LEADVILLE - A boisterous crowd gathered along Harrison Avenue Saturday and Sunday to witness the 2013 Leadville Skijoring Championships - an event that's been ongoing since its inauguration in 1949.
Grasping a rope attached to a thunderous horse, skiers flew through an 800-foot course - constructed in the heart of downtown Leadville - collecting rings and launching off jumps to record the fastest time. Penalties were added to times for missed rings and missed jumps for the skiers, who were grouped into three divisions throughout the event. Of those three divisions, Bruce Stott, a Frisco native, took first in the open division - among the most exciting classes in the field.
Event coordinator Jason Dahl was ecstatic about the passion the town of Leadville and its visitors brought to this year's event.
"We're the only place that shuts down the main road to haul in truckloads of snow. There's nothing like it. We started at 4 Saturday morning," he said.
More than 110 truckloads of snow were dumped onto Harrison Avenue to construct this year's course.
"It's a face-paced course. It's challenging, but not dangerous," Dahl said.
The event attracts competitors from across the continent - people who possess an undying passion for not only the sport, but the rush it brings as well. Competitor and Minnesota native Mike Fries has been riding in multiple skijoring events and admits Leadville's is second to none.
"It's the snow on the main street. This is the biggest and best event. Huge crowd, the jumps are the biggest, the track is the fastest. I tried it once and have been hooked ever since," Fries said.
The skier is maneuvering turns and collecting rings, but the horse and rider are just as important to a successful run.
Allen Bearden, who has been pulling skiers in skijoring for the past five years, praises the Leadville event.
"It's just having the crowd cheering," he said. "It's an adrenaline rush and the horse loves it too. It's fun to pull new people out there. We've got people from Wyoming, Montana, New Mexico and Durango. We're trying to get more events across the state."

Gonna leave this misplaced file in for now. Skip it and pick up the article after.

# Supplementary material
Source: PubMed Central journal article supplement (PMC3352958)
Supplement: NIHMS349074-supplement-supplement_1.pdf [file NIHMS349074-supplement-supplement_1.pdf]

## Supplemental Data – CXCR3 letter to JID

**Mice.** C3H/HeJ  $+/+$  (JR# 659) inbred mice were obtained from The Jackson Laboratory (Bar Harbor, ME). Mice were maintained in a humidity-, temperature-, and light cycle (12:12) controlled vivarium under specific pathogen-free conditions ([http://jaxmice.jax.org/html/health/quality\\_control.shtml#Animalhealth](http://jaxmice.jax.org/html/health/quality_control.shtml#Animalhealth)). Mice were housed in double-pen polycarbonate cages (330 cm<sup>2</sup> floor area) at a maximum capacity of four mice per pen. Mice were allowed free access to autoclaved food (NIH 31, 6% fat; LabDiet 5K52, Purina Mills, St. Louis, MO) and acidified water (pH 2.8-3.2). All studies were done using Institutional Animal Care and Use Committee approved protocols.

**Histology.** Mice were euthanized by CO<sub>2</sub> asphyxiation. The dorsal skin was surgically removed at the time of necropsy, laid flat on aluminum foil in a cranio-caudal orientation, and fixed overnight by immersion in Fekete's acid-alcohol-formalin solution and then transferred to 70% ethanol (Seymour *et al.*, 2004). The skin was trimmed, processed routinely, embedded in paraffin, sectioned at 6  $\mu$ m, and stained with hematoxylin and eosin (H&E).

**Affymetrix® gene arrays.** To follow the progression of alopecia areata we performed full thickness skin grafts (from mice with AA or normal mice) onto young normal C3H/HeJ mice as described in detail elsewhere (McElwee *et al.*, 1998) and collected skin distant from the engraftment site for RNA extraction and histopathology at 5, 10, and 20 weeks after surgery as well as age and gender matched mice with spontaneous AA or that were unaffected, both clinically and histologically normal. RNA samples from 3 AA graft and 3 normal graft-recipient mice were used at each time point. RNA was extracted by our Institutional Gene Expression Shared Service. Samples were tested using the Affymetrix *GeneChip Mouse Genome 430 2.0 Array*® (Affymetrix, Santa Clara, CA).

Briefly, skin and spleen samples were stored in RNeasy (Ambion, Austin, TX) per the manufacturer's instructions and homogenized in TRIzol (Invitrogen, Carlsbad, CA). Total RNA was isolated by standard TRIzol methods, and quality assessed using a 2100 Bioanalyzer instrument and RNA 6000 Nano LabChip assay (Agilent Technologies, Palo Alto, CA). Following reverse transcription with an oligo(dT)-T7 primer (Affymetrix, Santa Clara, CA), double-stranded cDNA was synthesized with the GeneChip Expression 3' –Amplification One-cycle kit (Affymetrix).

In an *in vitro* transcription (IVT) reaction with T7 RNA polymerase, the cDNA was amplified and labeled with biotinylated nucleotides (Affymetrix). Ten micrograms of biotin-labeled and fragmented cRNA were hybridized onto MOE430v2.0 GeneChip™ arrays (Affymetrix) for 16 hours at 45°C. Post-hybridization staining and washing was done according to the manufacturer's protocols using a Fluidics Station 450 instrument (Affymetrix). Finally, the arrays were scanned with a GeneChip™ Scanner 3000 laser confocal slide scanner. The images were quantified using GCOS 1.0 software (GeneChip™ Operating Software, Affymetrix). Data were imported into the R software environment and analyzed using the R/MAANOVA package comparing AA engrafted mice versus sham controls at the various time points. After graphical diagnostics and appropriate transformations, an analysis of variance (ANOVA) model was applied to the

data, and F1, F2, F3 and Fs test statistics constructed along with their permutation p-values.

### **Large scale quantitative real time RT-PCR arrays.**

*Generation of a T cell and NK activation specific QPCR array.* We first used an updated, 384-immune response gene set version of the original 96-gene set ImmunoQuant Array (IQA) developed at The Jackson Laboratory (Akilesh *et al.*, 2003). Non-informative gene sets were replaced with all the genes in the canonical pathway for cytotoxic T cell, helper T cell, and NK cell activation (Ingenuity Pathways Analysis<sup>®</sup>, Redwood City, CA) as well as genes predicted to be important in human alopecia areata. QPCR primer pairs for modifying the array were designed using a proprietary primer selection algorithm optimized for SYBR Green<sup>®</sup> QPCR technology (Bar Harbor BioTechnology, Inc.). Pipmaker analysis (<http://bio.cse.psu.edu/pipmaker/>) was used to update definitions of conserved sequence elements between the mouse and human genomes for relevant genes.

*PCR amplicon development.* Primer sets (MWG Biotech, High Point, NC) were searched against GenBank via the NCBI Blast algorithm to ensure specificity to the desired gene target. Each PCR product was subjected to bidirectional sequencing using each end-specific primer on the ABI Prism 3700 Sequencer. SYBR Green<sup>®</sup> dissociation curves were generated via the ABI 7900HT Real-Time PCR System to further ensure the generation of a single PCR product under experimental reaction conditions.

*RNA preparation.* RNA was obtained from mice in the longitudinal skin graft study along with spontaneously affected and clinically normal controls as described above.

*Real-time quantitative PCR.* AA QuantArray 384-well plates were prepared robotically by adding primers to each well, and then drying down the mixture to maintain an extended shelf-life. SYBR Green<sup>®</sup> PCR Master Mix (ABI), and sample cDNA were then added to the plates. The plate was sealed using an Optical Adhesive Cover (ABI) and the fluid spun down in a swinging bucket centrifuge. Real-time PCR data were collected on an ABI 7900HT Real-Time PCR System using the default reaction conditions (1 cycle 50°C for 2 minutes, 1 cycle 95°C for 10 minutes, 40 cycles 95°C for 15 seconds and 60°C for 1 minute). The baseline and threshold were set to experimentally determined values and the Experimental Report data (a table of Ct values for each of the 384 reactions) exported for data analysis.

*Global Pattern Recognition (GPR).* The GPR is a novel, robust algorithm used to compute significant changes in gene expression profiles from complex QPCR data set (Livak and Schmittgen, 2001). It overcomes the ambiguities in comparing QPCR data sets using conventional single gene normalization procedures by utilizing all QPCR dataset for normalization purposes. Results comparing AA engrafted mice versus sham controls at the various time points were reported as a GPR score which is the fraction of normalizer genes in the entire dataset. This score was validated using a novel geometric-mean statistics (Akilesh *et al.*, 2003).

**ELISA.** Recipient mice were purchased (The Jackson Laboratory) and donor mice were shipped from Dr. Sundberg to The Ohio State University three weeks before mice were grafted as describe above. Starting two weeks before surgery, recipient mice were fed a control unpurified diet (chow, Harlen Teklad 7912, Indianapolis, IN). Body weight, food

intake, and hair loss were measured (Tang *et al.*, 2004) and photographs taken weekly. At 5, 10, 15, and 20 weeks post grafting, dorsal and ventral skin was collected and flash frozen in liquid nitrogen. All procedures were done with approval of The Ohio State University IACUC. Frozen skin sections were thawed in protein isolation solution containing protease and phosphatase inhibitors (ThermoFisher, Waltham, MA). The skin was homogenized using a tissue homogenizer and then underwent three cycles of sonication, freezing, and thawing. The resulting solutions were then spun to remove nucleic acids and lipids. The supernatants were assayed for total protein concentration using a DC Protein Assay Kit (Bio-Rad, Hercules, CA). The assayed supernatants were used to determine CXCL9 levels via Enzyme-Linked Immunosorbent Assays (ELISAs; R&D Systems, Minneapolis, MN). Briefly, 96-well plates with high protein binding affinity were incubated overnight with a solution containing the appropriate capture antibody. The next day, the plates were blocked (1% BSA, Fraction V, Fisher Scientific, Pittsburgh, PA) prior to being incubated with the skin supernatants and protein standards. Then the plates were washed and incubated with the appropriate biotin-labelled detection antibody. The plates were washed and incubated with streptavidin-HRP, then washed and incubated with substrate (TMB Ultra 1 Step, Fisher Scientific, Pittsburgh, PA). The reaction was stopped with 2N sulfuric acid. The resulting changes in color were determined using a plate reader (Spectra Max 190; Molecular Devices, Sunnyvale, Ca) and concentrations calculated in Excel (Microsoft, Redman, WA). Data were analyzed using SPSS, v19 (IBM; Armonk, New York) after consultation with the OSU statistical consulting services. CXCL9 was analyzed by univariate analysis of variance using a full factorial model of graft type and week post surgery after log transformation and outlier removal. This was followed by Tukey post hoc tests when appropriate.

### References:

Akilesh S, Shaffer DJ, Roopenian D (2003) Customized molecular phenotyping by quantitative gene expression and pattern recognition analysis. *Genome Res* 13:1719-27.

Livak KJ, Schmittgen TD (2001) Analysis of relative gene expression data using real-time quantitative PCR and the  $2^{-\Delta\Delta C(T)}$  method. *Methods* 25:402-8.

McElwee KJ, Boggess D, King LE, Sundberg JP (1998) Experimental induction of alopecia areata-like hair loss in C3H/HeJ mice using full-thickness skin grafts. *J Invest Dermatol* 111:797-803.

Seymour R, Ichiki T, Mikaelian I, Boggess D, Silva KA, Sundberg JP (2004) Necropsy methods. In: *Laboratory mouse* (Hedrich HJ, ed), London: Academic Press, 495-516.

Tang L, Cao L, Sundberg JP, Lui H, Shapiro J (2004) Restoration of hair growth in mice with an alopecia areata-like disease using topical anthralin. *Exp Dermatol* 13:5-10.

Three divisions comprised this year's event: legends, sport and open. The legends division consisted of skiers 45 or older and who have been competing in the sport of skijoring for at least 10 years. The sport division was designed for first year competitors while the open division included the most competitive and exciting of skiers and riders. In each division, skiers were allowed two runs - one with the horse and rider of their choice and second by way of random drawing.
Prizes were awarded to the top finishers of each day and also to the competitor with the best average time for both days.
Stott took first in the open division both Saturday and Sunday, completing the 800-foot track in 14.99 and 14.91 seconds, respectively. Stott, a 14-year skijoring veteran, was thrilled to take home the title at Leadville.
"It's close to home and I have family that live here so it makes it kind of local for me," he said. "The horse makes a big difference. You have to have a fast horse and a fast skier and I was able to team up with the appropriate horse."